I've been following, on and off, the story of the Vatican's two investigations of American nuns. One of the investigations, the Apostolic Visitation by the Congregation for Institutes of Consecrated Life and Societies of Apostolic Life (CICLSAL), which began in 2008 under Pope Benedict, came to a formal end on Tuesday with the release of its report, and a press conference in Rome.
You'll find a decent summary in Wednesday's New York Times, but here are my takeaways:
- CICLSAL said nice things about the work US nuns are doing: for each other and for society.
- Individual orders/institutions who aren't will be called in for a little chat.
- The current pope, Francis, is saying hopeful but vague things about women in the church. "Many women share pastoral responsibilities with priests, helping to guide people, families and groups and offering new contributions to theological reflection. But we need to create still broader opportunities for a more incisive female presence in the Church."
- CICLSAL is being equally non-specific. "We will continue to work to see that competent women religious will be actively involved in ecclesial dialogue regarding "the possible role of women in decision-making in different areas of the Church’s life."
- Although this was initially interpreted as an confrontative move on the part of the Vatican, and so some nuns felt angry and suspicious, everyone is now anxious for the Visitation to see as routine, indeed rather helpful. Many are cautiously optimistic that Pope Francis has set a new tone and things are looking up.
- Not everyone is buying this.*
- No matter what your perspective, it's clear the overall situation needs some attention. The median age of the American nun is mid- to late-70s. They are getting old and fragile and they are not well funded.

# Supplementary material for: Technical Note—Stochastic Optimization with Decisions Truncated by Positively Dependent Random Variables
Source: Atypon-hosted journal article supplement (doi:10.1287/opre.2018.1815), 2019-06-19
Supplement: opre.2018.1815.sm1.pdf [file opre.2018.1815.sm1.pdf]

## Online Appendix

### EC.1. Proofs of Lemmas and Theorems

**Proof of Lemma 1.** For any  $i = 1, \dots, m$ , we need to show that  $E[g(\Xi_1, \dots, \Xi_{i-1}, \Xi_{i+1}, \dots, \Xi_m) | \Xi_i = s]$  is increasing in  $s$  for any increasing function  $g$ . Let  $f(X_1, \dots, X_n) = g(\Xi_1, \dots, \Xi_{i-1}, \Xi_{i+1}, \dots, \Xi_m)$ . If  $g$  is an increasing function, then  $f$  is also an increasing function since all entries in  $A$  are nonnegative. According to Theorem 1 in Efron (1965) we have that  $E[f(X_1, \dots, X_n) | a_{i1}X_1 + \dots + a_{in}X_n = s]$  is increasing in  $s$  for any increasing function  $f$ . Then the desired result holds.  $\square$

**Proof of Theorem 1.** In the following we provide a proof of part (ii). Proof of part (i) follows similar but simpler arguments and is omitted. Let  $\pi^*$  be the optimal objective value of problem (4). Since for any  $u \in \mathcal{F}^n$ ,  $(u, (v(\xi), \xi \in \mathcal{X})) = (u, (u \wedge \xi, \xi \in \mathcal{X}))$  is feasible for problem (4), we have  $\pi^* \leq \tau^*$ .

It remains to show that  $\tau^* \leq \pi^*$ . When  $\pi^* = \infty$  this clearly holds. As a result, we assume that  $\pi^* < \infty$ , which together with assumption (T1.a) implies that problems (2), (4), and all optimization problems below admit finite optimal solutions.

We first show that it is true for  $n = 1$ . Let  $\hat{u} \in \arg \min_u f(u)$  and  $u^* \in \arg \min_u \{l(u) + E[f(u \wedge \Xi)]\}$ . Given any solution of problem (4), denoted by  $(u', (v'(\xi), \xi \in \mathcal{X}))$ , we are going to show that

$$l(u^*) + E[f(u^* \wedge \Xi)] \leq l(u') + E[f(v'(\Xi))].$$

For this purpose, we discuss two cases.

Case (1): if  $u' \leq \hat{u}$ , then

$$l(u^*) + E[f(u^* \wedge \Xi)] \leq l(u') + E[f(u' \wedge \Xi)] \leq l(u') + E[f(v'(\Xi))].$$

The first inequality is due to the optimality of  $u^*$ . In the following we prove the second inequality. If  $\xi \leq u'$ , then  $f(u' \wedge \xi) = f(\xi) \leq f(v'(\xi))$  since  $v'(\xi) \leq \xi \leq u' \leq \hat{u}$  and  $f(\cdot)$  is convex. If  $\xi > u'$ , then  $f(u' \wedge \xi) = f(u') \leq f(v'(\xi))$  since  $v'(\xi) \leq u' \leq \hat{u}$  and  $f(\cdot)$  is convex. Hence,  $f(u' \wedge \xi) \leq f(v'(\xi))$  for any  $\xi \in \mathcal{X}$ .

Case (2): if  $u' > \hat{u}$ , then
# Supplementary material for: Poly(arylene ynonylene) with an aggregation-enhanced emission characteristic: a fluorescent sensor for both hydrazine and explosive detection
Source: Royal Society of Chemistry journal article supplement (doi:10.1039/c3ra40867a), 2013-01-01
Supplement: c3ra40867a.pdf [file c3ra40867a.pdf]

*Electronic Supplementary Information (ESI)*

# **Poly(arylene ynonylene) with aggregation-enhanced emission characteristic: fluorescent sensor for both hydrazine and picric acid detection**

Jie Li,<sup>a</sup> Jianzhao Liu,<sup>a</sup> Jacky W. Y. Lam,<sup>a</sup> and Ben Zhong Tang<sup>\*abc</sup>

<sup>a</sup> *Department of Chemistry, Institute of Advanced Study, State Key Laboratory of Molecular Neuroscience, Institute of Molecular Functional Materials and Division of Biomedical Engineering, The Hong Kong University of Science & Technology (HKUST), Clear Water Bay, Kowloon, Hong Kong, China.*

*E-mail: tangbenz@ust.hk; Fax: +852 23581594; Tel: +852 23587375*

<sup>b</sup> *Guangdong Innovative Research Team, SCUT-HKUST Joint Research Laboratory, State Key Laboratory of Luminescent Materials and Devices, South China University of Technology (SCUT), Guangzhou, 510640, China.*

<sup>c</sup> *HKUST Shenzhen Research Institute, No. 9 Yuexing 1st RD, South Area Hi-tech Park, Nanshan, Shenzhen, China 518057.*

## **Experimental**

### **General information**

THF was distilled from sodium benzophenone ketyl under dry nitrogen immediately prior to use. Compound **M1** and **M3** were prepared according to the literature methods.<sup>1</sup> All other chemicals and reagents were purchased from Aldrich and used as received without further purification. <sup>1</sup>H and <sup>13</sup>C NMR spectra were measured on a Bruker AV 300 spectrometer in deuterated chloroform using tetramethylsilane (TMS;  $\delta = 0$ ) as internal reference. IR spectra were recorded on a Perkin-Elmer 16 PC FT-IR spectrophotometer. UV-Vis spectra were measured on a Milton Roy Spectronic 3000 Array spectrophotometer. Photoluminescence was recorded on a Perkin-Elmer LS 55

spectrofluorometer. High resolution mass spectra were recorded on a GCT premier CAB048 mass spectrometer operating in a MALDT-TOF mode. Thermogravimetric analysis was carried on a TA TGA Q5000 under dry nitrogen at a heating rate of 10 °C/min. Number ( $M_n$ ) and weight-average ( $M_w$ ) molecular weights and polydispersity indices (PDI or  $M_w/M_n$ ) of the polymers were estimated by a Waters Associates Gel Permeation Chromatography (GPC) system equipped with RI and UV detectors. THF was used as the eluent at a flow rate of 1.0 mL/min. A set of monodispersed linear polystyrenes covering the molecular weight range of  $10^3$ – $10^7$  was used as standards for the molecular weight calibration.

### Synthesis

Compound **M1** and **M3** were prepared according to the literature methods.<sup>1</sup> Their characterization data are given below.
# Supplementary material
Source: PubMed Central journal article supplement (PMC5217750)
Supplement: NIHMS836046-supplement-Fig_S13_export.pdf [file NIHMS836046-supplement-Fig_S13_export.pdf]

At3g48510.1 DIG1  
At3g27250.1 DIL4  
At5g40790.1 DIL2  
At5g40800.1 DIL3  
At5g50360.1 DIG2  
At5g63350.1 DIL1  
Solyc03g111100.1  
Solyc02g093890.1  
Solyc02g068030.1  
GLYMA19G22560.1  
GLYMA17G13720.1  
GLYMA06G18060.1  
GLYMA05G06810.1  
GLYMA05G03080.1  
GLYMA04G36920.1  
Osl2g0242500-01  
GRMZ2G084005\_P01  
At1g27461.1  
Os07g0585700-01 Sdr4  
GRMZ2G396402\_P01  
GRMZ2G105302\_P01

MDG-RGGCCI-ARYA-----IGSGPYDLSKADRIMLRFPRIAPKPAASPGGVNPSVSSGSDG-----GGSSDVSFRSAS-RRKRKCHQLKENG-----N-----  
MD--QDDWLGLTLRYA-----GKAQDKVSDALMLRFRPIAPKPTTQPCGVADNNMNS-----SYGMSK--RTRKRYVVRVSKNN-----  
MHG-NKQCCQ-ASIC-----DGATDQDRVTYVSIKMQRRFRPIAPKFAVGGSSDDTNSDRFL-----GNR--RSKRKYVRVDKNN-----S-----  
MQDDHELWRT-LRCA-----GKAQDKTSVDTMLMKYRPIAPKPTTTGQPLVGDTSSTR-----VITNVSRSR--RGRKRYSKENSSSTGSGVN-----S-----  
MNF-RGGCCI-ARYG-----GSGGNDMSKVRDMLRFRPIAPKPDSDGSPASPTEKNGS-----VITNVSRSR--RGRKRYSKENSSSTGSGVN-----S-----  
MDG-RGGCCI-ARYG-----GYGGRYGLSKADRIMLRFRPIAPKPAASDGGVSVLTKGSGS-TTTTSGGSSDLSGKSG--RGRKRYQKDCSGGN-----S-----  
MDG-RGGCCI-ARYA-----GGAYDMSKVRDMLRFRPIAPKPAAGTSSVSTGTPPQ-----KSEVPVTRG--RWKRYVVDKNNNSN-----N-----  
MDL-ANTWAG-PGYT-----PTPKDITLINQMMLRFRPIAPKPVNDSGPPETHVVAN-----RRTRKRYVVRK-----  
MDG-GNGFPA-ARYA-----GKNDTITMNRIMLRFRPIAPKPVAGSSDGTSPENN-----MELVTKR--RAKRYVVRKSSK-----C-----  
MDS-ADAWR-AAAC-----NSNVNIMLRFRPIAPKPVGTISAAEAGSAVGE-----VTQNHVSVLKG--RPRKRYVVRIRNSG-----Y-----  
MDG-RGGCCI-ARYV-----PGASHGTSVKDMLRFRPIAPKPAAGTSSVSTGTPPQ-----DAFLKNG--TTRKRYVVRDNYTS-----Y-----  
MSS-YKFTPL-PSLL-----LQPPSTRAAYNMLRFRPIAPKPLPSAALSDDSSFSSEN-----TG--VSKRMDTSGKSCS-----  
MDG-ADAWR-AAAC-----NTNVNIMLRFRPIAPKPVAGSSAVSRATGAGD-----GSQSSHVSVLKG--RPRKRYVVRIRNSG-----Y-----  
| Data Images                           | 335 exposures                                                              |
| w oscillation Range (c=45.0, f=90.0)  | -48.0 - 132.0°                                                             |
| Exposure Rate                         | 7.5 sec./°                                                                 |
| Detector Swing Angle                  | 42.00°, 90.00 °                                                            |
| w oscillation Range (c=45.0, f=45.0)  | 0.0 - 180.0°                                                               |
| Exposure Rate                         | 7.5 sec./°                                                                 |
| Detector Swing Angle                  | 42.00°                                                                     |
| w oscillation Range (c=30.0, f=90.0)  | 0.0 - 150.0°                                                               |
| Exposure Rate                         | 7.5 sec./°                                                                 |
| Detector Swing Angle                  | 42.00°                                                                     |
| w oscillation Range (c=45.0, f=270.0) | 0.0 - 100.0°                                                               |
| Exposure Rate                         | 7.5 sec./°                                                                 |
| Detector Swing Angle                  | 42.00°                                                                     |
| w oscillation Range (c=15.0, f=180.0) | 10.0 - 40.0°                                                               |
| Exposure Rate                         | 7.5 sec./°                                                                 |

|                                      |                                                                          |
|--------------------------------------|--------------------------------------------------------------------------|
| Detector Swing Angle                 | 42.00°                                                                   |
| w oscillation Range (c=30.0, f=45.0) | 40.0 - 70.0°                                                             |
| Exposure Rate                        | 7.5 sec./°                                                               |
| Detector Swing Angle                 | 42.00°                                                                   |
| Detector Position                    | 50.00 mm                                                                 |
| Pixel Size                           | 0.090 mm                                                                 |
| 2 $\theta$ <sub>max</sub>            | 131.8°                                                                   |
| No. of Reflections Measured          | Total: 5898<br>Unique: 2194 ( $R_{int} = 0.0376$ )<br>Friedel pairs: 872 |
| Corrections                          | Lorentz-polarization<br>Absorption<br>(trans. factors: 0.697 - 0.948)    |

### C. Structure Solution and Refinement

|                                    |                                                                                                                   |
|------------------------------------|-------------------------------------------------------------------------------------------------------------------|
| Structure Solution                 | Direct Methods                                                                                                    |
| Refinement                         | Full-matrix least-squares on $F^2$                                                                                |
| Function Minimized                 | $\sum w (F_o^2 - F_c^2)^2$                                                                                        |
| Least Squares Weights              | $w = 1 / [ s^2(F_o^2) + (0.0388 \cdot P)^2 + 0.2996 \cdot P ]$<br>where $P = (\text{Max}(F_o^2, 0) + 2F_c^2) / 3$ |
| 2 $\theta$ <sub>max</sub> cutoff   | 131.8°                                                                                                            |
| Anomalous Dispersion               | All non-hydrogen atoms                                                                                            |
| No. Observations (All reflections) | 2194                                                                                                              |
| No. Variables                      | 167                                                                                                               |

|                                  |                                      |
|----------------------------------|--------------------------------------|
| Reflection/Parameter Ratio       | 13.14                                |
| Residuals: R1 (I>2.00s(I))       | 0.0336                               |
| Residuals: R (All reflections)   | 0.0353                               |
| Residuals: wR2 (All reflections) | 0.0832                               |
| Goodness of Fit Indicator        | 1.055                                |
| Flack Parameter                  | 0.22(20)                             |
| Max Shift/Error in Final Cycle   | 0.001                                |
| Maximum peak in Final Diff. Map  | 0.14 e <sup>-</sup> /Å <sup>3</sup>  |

- Overall, US nuns, as represented by the Leadership Conference of Women Religious (LCWR), and the less liberal Council of Major Superiors of Women Religious, seem to think the report was a good thing, a signal of gratitude for and appreciation of the work women do in the Church, with some tantalising hope for the future.
The end of World War Two coincided with women being encouraged to leave the workforce to make way for the men returning from the front. (And if they didn't leave voluntarily they were pushed.) Being a nun was a path out of poverty and towards rewarding work, visibility, and respect within a community. Those women who took that path are now ageing out, and few novices are signing up. Those who are considering taking vows today have different motivations. According to the report, they are more diverse, well-educated and older than novices of the mid-20th century, though the report gives no specifics (rather startling in this day and age). Apparently, these women are looking for ways to live in a visible community. Reading between the lines (oh, I want raw data!) it seems that women would like to live with other women, set apart from the laity by obvious cultural signifiers such as vows and habits. The church is no longer a path to education and away from poverty but instead a way to live a meaningful life, giving to the world at large while being part of a tight community with common values.
A lot depends, of course, on the other Vatican inquiry: the continuing investigation of the LCWR by the Vatican's Congregation for the Doctrine of the Faith, which, as of September, was not looking too promising. We won't know for a while. But I always like to think smart people are in charge, and Pope Francis might be steering things in a better direction. I am not holding my breath, though. There are intriguing signals from the Vatican, but he is still a Catholic.
On the other hand, I'm seeing a parallel to the situation 1400 years ago, when another smart bishop saw a way to influence a whole new segment of society. All Francis has to do is be as smart as Bishop Aidan and find a woman as amazing and able as Hild to build and lead a new generation. This could get interesting...